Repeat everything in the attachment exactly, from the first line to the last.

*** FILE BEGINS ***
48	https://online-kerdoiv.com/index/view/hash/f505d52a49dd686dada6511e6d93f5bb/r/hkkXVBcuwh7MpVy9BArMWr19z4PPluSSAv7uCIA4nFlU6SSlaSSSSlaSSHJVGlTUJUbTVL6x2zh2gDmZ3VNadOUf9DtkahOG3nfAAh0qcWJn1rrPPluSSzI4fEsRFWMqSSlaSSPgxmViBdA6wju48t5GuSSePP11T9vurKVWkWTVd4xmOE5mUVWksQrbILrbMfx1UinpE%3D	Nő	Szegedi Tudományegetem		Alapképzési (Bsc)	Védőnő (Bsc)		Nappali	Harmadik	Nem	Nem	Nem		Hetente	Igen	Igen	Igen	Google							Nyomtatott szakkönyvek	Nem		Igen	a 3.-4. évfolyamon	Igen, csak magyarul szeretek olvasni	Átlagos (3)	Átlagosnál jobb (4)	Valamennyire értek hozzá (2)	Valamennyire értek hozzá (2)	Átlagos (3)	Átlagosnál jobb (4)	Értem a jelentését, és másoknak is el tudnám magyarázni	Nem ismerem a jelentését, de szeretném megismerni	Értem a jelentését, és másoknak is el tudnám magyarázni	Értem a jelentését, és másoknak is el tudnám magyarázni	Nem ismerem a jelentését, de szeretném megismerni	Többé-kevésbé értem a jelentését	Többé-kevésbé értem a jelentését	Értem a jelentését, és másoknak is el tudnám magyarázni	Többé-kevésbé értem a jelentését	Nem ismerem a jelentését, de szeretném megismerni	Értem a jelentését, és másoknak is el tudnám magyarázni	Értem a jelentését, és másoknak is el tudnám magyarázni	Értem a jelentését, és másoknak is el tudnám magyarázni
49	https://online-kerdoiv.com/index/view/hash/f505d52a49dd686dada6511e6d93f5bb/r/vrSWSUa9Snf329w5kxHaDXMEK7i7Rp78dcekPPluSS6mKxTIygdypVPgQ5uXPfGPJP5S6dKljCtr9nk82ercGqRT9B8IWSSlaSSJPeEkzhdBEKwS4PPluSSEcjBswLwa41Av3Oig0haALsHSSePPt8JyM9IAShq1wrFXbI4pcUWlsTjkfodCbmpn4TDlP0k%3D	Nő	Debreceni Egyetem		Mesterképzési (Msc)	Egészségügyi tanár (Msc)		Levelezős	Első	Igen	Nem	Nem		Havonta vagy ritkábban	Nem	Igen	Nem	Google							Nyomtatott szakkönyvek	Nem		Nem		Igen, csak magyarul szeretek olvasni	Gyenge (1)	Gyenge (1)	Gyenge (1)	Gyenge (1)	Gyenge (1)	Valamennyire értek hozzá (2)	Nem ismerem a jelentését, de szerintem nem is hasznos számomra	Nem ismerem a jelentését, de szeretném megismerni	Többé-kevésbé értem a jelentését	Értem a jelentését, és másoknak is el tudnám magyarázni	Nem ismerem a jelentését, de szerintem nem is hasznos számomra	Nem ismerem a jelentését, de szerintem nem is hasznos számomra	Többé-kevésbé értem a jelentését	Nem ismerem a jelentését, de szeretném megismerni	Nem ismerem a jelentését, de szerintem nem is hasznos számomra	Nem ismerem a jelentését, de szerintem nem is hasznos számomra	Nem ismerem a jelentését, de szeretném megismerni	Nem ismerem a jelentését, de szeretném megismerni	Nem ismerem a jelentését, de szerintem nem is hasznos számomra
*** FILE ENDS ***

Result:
48	https://online-kerdoiv.com/index/view/hash/f505d52a49dd686dada6511e6d93f5bb/r/hkkXVBcuwh7MpVy9BArMWr19z4PPluSSAv7uCIA4nFlU6SSlaSSSSlaSSHJVGlTUJUbTVL6x2zh2gDmZ3VNadOUf9DtkahOG3nfAAh0qcWJn1rrPPluSSzI4fEsRFWMqSSlaSSPgxmViBdA6wju48t5GuSSePP11T9vurKVWkWTVd4xmOE5mUVWksQrbILrbMfx1UinpE%3D	Nő	Szegedi Tudományegetem		Alapképzési (Bsc)	Védőnő (Bsc)		Nappali	Harmadik	Nem	Nem	Nem		Hetente	Igen	Igen	Igen	Google							Nyomtatott szakkönyvek	Nem		Igen	a 3.-4. évfolyamon	Igen, csak magyarul szeretek olvasni	Átlagos (3)	Átlagosnál jobb (4)	Valamennyire értek hozzá (2)	Valamennyire értek hozzá (2)	Átlagos (3)	Átlagosnál jobb (4)	Értem a jelentését, és másoknak is el tudnám magyarázni	Nem ismerem a jelentését, de szeretném megismerni	Értem a jelentését, és másoknak is el tudnám magyarázni	Értem a jelentését, és másoknak is el tudnám magyarázni	Nem ismerem a jelentését, de szeretném megismerni	Többé-kevésbé értem a jelentését	Többé-kevésbé értem a jelentését	Értem a jelentését, és másoknak is el tudnám magyarázni	Többé-kevésbé értem a jelentését	Nem ismerem a jelentését, de szeretném megismerni	Értem a jelentését, és másoknak is el tudnám magyarázni	Értem a jelentését, és másoknak is el tudnám magyarázni	Értem a jelentését, és másoknak is el tudnám magyarázni
49	https://online-kerdoiv.com/index/view/hash/f505d52a49dd686dada6511e6d93f5bb/r/vrSWSUa9Snf329w5kxHaDXMEK7i7Rp78dcekPPluSS6mKxTIygdypVPgQ5uXPfGPJP5S6dKljCtr9nk82ercGqRT9B8IWSSlaSSJPeEkzhdBEKwS4PPluSSEcjBswLwa41Av3Oig0haALsHSSePPt8JyM9IAShq1wrFXbI4pcUWlsTjkfodCbmpn4TDlP0k%3D	Nő	Debreceni Egyetem		Mesterképzési (Msc)	Egészségügyi tanár (Msc)		Levelezős	Első	Igen	Nem	Nem		Havonta vagy ritkábban	Nem	Igen	Nem	Google							Nyomtatott szakkönyvek	Nem		Nem		Igen, csak magyarul szeretek olvasni	Gyenge (1)	Gyenge (1)	Gyenge (1)	Gyenge (1)	Gyenge (1)	Valamennyire értek hozzá (2)	Nem ismerem a jelentését, de szerintem nem is hasznos számomra	Nem ismerem a jelentését, de szeretném megismerni	Többé-kevésbé értem a jelentését	Értem a jelentését, és másoknak is el tudnám magyarázni	Nem ismerem a jelentését, de szerintem nem is hasznos számomra	Nem ismerem a jelentését, de szerintem nem is hasznos számomra	Többé-kevésbé értem a jelentését	Nem ismerem a jelentését, de szeretném megismerni	Nem ismerem a jelentését, de szerintem nem is hasznos számomra	Nem ismerem a jelentését, de szerintem nem is hasznos számomra	Nem ismerem a jelentését, de szeretném megismerni	Nem ismerem a jelentését, de szeretném megismerni	Nem ismerem a jelentését, de szerintem nem is hasznos számomra